COLUMBIA — Mitt Romney is hoping to be the first Mormon in the White House, and "The Book of Mormon" is drawing big crowds on Broadway.
This rising interest in the Mormon faith is at the intersection of a vigorous growth in the religion's membership.
The report also shows that Mormons are seeing the largest increase in regular members among all religions in the United States.
According to the report, released by the Association of Religion Data Archives, Mormons added nearly 2 million new members in the U.S. between 2000 and 2010, for a total of 6.14 million followers in 13,600 congregations.
Boone County numbers show 1,941 Mormons in 2010 compared with 1,257 in 2000, an increase of about 54 percent.
*However, these figures do not accurately reflect the increase because the Mormon church changed the method to report its data from 2010. Prior to this census, it had not included members who were not actively involved with a congregation although baptized, according to a Salt Lake City Tribune article. In the latest census, however, the data included total membership numbers. The article explains the increase rate would have been closer to 18 percent, smaller than what has been reported.
Eric Hawkins, a spokesman for the church headquarters in Salt Lake City, said the church has noticed a considerable rise in followers around the world in recent years.
"By all indicators, including the church's building program, the church is growing," Hawkins said. "We are currently building across the globe to accommodate this growth."
A new temple was dedicated Sunday in Kansas City to serve the growing number of Mormons in Missouri and eastern Kansas. It becomes one of 67 temples across the country and the second in the state. Most Mormon congregations regularly gather in meeting houses.
"The Kansas City Missouri Temple was built to meet the needs of nearly 50,000 members in that area and surrounding regions," Hawkins said.
He said missionaries are playing a central role in the expansion. These missionaries forgo school, work and dating for two years to recruit new members around the globe at their own expense.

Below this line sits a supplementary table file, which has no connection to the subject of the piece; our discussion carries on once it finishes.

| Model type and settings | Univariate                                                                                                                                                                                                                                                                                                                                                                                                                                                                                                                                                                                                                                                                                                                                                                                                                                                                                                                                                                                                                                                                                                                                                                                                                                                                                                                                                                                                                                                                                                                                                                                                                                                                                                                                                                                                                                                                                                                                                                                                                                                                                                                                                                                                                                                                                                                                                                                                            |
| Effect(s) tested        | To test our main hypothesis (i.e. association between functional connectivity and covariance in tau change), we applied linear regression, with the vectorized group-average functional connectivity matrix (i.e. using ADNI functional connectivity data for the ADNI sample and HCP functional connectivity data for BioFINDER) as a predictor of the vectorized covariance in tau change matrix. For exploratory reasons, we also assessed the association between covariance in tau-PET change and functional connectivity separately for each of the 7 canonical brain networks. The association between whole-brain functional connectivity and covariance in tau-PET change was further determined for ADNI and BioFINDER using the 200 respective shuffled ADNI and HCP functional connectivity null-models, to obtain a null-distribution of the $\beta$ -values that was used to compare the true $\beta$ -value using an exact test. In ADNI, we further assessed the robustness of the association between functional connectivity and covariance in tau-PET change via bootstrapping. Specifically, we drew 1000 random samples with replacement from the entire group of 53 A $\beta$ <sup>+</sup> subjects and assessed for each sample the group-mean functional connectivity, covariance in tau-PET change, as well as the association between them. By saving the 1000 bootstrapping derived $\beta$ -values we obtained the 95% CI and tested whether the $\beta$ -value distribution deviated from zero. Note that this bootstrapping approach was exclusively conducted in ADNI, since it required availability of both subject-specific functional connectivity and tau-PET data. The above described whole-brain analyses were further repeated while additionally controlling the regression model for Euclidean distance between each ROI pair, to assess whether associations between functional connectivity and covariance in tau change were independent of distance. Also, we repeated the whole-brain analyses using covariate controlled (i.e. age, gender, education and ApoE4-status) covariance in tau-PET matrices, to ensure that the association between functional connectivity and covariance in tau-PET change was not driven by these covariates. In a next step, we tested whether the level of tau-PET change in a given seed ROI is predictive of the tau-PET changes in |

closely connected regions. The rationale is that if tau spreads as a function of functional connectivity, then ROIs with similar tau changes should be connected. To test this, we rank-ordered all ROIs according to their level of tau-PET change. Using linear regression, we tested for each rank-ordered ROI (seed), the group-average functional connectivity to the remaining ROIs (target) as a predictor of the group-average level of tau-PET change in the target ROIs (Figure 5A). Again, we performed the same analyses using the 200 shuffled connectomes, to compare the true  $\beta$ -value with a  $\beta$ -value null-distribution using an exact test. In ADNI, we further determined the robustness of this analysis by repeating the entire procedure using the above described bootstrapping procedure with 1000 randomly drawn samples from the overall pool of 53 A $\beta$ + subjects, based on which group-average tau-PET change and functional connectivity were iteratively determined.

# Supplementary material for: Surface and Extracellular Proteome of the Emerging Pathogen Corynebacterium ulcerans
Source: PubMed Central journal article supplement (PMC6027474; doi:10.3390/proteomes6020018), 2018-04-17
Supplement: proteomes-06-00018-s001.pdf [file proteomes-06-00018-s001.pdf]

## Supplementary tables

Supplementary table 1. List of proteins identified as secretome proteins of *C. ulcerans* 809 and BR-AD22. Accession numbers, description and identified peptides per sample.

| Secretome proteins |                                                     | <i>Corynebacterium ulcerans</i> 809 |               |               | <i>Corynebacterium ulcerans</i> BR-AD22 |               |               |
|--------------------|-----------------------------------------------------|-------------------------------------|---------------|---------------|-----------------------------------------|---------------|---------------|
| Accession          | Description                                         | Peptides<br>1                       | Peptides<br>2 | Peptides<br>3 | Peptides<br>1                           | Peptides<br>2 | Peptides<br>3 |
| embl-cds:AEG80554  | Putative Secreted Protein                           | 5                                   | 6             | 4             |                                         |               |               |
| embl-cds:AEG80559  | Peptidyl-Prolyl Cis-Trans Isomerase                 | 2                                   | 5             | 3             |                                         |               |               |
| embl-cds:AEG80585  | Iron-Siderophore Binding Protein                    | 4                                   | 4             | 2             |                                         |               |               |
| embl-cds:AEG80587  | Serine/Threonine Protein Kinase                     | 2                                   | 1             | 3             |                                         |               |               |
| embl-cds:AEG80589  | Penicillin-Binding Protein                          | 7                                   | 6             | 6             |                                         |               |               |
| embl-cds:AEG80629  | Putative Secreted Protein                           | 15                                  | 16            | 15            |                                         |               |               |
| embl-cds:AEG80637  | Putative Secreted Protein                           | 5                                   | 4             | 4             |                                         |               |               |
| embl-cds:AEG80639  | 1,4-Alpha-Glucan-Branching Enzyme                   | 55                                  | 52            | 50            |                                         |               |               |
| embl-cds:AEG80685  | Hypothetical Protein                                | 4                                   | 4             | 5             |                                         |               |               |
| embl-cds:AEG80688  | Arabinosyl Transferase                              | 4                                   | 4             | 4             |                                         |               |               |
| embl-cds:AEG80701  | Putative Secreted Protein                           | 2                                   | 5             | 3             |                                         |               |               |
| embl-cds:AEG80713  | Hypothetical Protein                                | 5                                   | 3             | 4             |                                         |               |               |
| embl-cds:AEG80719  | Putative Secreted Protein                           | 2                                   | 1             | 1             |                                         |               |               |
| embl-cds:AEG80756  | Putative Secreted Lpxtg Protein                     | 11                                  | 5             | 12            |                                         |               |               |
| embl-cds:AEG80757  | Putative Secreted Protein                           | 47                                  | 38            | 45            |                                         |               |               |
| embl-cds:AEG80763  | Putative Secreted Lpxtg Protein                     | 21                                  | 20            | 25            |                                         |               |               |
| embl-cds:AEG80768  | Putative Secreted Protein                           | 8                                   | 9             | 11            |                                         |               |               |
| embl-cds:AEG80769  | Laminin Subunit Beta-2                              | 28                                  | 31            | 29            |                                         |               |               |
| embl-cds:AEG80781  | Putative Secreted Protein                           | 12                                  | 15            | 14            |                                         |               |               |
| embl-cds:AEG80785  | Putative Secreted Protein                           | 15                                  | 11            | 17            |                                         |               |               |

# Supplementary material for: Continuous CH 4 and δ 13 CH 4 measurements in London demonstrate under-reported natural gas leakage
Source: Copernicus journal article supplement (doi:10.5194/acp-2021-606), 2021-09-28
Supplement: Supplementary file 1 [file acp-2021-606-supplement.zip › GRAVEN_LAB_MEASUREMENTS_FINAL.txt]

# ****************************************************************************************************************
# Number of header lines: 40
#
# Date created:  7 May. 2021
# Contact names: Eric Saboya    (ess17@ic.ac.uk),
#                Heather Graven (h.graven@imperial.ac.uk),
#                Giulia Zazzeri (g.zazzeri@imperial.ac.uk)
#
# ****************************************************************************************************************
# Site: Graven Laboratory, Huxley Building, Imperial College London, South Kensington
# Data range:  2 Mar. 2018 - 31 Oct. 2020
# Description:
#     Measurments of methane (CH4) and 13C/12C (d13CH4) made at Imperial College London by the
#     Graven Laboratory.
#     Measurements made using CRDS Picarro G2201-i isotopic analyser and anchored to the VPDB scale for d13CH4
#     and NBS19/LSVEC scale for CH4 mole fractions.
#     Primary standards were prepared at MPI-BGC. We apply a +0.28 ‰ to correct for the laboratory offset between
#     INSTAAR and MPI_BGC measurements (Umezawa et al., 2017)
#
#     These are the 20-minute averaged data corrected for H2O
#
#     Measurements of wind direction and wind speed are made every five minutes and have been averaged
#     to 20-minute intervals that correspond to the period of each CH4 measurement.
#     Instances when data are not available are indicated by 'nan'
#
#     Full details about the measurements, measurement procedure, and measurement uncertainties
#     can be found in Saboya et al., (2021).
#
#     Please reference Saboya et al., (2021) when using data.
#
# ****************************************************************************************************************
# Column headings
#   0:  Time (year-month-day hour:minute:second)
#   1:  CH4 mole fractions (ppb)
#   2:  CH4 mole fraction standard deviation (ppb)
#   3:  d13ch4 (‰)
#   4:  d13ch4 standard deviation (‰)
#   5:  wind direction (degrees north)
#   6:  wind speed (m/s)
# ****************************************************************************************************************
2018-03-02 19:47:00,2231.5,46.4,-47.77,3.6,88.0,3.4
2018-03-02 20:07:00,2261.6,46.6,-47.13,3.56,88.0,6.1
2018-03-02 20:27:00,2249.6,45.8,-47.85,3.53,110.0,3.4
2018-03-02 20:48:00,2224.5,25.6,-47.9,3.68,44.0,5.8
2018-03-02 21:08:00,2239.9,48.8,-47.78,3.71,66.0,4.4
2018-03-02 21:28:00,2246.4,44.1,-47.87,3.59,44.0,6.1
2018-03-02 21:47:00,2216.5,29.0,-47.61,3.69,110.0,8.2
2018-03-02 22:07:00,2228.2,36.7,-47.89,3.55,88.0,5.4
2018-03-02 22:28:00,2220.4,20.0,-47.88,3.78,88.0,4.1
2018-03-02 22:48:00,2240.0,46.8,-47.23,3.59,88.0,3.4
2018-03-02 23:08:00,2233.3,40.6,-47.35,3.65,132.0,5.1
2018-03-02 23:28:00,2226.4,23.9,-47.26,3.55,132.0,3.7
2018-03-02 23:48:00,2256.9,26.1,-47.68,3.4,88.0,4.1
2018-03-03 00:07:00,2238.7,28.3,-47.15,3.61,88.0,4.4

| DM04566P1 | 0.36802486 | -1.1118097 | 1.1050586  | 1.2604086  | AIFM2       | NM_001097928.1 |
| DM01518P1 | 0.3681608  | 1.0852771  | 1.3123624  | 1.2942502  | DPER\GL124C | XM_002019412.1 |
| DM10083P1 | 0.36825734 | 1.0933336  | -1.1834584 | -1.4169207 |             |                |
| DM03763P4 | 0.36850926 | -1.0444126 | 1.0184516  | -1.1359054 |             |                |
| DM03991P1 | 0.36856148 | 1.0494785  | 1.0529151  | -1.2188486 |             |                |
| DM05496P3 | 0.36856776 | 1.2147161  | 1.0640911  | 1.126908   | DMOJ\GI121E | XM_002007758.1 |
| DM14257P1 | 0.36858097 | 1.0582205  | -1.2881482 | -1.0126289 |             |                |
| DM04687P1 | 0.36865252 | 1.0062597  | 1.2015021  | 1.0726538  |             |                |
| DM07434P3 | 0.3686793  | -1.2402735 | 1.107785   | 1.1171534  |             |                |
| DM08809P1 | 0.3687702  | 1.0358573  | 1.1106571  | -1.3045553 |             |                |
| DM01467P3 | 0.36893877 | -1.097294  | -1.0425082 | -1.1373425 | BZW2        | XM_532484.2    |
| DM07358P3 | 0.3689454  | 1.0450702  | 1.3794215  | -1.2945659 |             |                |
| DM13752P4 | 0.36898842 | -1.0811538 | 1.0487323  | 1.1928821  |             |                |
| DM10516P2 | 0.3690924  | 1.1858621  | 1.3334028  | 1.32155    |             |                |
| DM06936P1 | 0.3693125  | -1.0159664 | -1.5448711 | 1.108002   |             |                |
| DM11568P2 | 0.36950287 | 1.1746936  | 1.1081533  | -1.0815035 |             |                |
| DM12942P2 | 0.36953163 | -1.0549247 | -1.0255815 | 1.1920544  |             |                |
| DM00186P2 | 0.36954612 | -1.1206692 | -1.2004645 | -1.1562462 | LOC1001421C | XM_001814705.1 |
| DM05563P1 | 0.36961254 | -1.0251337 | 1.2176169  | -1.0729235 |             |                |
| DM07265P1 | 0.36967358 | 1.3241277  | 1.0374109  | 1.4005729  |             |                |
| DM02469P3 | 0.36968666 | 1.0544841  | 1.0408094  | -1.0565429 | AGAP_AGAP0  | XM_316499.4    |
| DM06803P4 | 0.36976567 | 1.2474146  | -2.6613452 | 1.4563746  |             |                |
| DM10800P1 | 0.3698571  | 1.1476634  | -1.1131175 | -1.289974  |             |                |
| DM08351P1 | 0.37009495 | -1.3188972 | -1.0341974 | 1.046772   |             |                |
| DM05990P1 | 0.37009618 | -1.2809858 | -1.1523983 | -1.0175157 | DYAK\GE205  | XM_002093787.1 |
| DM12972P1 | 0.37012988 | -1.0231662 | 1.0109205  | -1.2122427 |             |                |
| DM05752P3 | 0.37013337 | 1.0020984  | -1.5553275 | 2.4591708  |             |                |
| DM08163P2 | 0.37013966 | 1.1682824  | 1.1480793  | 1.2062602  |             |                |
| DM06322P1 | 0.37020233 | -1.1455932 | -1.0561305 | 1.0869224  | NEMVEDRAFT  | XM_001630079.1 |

"There are currently more than 55,000 full-time missionaries serving across the world," Hawkins said.
Karen Smith handles public affairs for the Columbia stake, which is comprised of wards — established congregations — near Columbia. She called it an exciting time to be part of the church, with "tremendous growth" in followers in and around Columbia.
"I think that many people are hungry for meaning in their lives," she said. "The message that we share resonates, and people want to be a part of that."
Despite the gains, Mormons in Boone County account for slightly more than 1 percent of the total population, according to the 2010 census from the Association of Religion Data Archives.
Evangelical Protestants constitute the largest religious group in the county with 32,187 adherents; 16,273 people are mainline Protestant, and 10,684 are Catholic.
There are an estimated 600 Muslims in Boone County, down from 850 in 2000. The Jewish population included 440 residents in 2010, up from 400 in 2000.
By comparison, 98,693 county residents fall into the "unclaimed" category, which encompasses those who do not fit easily into any congregation but are not necessarily atheist or nonreligious.
Mormons in Missouri
While many equate Mormon history with the state of Utah, and rightly so — Utah holds the largest population of Mormons in the world — Missouri has a long history with the religion.
Joseph Smith founded The Church of Jesus Christ of Latter-day Saints in April 1830 in western New York. Persecuted by his critics, Smith moved his group of followers to Ohio and then to Missouri.
Many of his followers arrived in Independence in 1831 and established a growing colony in Jackson County. In 1833 the group was evicted and headed north to settle in Clay County before moving to Caldwell County, which had been created by the state legislature specifically for the Mormon community.
Non-Mormon residents living in the region feared the political power that Smith could wield in a county full of his followers. Tensions flared as a result, leading to the Missouri Mormon War, which lasted from August to November 1838.
This skirmish resulted in the death of about 20 of Smith’s followers and ended with the leader's arrest. During the conflict, then Missouri Gov. Lilburn Boggs ordered the Mormons be expelled from the state.
Smith escaped from custody and led his followers — about 8,000 people — out of Missouri to Nauvoo, Ill. Smith was killed by an armed mob in 1844 in Carthage, Ill.
After years of violent turmoil in the Midwest, the group left for the West, eventually settling in Salt Lake City under the leadership of their second leader and prophet, Brigham Young.
Smith wrote the Book of Mormon, which he believed to be the word of God as revealed to him in a vision.
Since Smith's death, the church has maintained a living prophet at its helm, who followers believe is guided by God. Today, Thomas Monson is prophet and also president of the church.
Supervising editor is Jeanne Abbott